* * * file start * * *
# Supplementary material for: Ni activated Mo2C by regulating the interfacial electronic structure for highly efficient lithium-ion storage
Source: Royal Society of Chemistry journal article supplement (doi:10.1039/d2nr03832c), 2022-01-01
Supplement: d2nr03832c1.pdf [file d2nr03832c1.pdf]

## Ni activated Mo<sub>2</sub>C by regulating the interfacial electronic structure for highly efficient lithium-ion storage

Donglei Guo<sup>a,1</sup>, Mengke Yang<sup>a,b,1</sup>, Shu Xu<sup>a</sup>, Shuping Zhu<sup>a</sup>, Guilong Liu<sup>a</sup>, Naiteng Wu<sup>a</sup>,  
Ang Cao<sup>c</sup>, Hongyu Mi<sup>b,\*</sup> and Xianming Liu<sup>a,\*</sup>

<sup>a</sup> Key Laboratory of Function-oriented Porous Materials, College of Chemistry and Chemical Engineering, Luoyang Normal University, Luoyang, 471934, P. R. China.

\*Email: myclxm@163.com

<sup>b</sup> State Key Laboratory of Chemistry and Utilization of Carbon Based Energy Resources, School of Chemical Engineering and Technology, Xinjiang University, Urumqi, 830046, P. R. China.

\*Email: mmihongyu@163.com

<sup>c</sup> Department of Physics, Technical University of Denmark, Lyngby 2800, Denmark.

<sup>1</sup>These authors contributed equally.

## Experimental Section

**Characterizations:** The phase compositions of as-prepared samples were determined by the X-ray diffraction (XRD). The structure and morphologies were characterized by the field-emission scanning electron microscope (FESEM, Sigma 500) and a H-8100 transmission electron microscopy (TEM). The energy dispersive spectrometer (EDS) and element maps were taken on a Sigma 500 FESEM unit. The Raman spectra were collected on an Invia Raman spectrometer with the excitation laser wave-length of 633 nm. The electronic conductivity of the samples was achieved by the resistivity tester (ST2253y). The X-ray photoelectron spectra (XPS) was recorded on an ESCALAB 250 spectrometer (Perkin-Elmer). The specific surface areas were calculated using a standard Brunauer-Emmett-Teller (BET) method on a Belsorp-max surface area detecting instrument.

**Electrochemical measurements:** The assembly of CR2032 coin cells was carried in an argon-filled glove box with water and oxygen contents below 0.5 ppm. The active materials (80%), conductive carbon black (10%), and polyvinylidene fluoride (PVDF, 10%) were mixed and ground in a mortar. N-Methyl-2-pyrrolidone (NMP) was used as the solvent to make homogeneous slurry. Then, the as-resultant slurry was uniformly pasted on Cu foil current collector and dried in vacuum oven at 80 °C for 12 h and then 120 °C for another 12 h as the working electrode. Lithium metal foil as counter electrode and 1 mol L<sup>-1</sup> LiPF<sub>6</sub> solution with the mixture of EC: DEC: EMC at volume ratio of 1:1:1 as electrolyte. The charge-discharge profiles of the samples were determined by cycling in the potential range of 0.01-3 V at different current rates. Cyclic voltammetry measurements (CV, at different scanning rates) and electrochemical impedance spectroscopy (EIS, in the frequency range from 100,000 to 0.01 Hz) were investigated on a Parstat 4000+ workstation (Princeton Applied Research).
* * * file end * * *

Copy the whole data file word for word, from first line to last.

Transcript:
# Supplementary material for: Ni activated Mo2C by regulating the interfacial electronic structure for highly efficient lithium-ion storage
Source: Royal Society of Chemistry journal article supplement (doi:10.1039/d2nr03832c), 2022-01-01
Supplement: d2nr03832c1.pdf [file d2nr03832c1.pdf]

## Ni activated Mo<sub>2</sub>C by regulating the interfacial electronic structure for highly efficient lithium-ion storage

Donglei Guo<sup>a,1</sup>, Mengke Yang<sup>a,b,1</sup>, Shu Xu<sup>a</sup>, Shuping Zhu<sup>a</sup>, Guilong Liu<sup>a</sup>, Naiteng Wu<sup>a</sup>,  
Ang Cao<sup>c</sup>, Hongyu Mi<sup>b,\*</sup> and Xianming Liu<sup>a,\*</sup>

<sup>a</sup> Key Laboratory of Function-oriented Porous Materials, College of Chemistry and Chemical Engineering, Luoyang Normal University, Luoyang, 471934, P. R. China.

\*Email: myclxm@163.com

<sup>b</sup> State Key Laboratory of Chemistry and Utilization of Carbon Based Energy Resources, School of Chemical Engineering and Technology, Xinjiang University, Urumqi, 830046, P. R. China.

\*Email: mmihongyu@163.com

<sup>c</sup> Department of Physics, Technical University of Denmark, Lyngby 2800, Denmark.

<sup>1</sup>These authors contributed equally.

## Experimental Section

**Characterizations:** The phase compositions of as-prepared samples were determined by the X-ray diffraction (XRD). The structure and morphologies were characterized by the field-emission scanning electron microscope (FESEM, Sigma 500) and a H-8100 transmission electron microscopy (TEM). The energy dispersive spectrometer (EDS) and element maps were taken on a Sigma 500 FESEM unit. The Raman spectra were collected on an Invia Raman spectrometer with the excitation laser wave-length of 633 nm. The electronic conductivity of the samples was achieved by the resistivity tester (ST2253y). The X-ray photoelectron spectra (XPS) was recorded on an ESCALAB 250 spectrometer (Perkin-Elmer). The specific surface areas were calculated using a standard Brunauer-Emmett-Teller (BET) method on a Belsorp-max surface area detecting instrument.

**Electrochemical measurements:** The assembly of CR2032 coin cells was carried in an argon-filled glove box with water and oxygen contents below 0.5 ppm. The active materials (80%), conductive carbon black (10%), and polyvinylidene fluoride (PVDF, 10%) were mixed and ground in a mortar. N-Methyl-2-pyrrolidone (NMP) was used as the solvent to make homogeneous slurry. Then, the as-resultant slurry was uniformly pasted on Cu foil current collector and dried in vacuum oven at 80 °C for 12 h and then 120 °C for another 12 h as the working electrode. Lithium metal foil as counter electrode and 1 mol L<sup>-1</sup> LiPF<sub>6</sub> solution with the mixture of EC: DEC: EMC at volume ratio of 1:1:1 as electrolyte. The charge-discharge profiles of the samples were determined by cycling in the potential range of 0.01-3 V at different current rates. Cyclic voltammetry measurements (CV, at different scanning rates) and electrochemical impedance spectroscopy (EIS, in the frequency range from 100,000 to 0.01 Hz) were investigated on a Parstat 4000+ workstation (Princeton Applied Research).